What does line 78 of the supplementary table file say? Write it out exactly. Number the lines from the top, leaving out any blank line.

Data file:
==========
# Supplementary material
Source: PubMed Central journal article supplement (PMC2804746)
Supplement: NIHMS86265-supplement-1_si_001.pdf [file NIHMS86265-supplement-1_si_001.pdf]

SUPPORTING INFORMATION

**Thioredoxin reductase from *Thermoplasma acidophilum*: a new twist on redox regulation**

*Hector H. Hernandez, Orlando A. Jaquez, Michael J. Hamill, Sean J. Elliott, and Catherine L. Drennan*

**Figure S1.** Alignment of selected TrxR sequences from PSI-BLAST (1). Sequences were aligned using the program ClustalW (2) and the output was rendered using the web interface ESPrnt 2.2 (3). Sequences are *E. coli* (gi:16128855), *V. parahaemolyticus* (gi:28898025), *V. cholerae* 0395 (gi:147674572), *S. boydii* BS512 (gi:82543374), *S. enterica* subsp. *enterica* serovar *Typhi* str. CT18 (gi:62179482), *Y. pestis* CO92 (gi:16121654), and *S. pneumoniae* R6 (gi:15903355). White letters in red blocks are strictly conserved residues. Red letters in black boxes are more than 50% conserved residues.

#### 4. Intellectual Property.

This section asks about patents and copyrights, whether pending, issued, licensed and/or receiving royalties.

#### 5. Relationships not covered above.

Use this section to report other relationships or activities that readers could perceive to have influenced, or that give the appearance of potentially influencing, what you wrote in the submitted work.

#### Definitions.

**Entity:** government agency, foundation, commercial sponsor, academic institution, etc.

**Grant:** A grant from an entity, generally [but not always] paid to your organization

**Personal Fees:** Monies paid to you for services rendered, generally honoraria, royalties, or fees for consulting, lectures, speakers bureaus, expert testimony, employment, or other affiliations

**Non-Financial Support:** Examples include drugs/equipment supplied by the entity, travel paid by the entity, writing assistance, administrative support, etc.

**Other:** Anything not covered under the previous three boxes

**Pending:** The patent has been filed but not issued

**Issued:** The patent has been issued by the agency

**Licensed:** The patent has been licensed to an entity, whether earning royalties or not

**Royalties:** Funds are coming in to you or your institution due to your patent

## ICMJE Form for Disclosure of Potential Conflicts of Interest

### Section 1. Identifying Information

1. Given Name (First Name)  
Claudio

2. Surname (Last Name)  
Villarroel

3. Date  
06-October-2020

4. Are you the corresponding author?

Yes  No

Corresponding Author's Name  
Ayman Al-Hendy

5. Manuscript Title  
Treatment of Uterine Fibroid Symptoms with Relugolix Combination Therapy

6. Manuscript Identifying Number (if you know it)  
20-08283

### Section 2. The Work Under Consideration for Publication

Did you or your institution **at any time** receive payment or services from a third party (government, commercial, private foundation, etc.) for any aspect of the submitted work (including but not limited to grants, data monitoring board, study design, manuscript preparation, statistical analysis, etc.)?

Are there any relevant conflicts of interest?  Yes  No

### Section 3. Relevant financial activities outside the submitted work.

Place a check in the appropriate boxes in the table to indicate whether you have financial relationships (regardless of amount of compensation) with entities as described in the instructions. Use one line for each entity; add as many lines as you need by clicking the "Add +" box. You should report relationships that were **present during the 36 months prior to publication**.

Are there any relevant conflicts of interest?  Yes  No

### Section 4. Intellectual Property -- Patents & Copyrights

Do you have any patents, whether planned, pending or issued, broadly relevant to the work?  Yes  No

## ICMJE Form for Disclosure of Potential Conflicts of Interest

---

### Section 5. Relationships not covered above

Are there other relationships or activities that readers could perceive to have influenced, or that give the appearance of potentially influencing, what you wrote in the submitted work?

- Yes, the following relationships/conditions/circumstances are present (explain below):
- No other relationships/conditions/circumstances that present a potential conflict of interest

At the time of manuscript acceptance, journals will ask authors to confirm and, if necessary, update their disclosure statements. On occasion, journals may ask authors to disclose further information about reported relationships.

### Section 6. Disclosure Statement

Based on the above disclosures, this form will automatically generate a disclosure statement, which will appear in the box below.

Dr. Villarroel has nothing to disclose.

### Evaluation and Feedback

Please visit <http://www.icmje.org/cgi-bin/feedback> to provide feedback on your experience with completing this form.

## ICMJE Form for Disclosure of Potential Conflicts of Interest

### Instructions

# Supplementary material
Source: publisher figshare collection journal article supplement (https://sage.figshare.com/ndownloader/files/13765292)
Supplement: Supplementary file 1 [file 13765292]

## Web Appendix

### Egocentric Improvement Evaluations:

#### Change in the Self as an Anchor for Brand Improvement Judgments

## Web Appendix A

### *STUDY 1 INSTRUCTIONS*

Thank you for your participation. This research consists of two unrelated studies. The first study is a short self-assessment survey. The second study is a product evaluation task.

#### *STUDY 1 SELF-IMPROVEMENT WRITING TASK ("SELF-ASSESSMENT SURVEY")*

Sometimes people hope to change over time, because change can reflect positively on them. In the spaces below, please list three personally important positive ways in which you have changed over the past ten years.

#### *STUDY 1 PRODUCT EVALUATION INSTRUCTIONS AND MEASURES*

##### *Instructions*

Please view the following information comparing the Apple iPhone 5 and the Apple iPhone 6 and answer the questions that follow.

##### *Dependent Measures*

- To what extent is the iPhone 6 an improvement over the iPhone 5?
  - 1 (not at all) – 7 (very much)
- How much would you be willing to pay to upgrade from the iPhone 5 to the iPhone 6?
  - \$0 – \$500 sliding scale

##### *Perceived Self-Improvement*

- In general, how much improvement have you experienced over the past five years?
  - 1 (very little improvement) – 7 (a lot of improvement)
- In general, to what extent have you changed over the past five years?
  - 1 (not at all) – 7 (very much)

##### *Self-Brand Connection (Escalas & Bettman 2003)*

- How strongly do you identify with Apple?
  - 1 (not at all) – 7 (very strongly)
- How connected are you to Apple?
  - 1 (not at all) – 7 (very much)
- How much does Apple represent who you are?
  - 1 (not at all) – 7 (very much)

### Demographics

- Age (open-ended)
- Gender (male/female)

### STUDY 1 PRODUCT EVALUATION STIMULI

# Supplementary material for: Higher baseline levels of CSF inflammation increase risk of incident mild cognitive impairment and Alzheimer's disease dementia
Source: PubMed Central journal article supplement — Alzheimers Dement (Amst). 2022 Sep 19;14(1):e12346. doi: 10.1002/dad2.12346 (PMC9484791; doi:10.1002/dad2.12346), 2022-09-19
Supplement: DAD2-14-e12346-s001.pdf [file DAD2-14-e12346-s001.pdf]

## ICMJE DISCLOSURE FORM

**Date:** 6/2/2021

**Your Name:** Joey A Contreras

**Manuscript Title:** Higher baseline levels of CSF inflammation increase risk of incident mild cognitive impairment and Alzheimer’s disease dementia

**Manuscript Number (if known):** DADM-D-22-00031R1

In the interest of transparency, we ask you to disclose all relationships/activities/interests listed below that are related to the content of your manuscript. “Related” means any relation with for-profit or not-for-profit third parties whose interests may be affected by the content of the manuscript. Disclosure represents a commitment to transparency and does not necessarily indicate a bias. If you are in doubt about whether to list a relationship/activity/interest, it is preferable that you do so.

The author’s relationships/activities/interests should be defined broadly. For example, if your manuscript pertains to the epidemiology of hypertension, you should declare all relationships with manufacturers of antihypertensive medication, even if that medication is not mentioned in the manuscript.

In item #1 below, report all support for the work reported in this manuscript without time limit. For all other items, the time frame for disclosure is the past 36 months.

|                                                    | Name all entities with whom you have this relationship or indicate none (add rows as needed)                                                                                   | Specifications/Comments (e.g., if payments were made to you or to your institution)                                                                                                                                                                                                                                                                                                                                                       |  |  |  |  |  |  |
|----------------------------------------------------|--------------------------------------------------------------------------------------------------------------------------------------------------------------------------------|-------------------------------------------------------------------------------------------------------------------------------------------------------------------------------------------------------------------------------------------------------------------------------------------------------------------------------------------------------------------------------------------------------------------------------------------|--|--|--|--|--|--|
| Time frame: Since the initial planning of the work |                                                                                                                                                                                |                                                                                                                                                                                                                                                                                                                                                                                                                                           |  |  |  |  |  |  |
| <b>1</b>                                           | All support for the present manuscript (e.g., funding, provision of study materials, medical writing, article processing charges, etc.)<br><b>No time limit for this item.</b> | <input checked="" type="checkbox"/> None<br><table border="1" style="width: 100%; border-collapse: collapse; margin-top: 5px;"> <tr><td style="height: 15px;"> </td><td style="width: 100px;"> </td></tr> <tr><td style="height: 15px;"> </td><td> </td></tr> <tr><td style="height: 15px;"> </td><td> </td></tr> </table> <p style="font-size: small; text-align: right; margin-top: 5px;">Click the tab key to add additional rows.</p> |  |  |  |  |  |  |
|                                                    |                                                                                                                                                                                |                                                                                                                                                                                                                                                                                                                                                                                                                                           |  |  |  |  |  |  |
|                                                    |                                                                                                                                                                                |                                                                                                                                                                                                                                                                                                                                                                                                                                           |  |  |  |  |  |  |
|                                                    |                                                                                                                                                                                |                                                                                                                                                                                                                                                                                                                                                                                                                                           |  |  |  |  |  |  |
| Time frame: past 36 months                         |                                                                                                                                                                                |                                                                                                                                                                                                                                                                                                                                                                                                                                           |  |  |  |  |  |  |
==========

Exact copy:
  - \$0 – \$500 sliding scale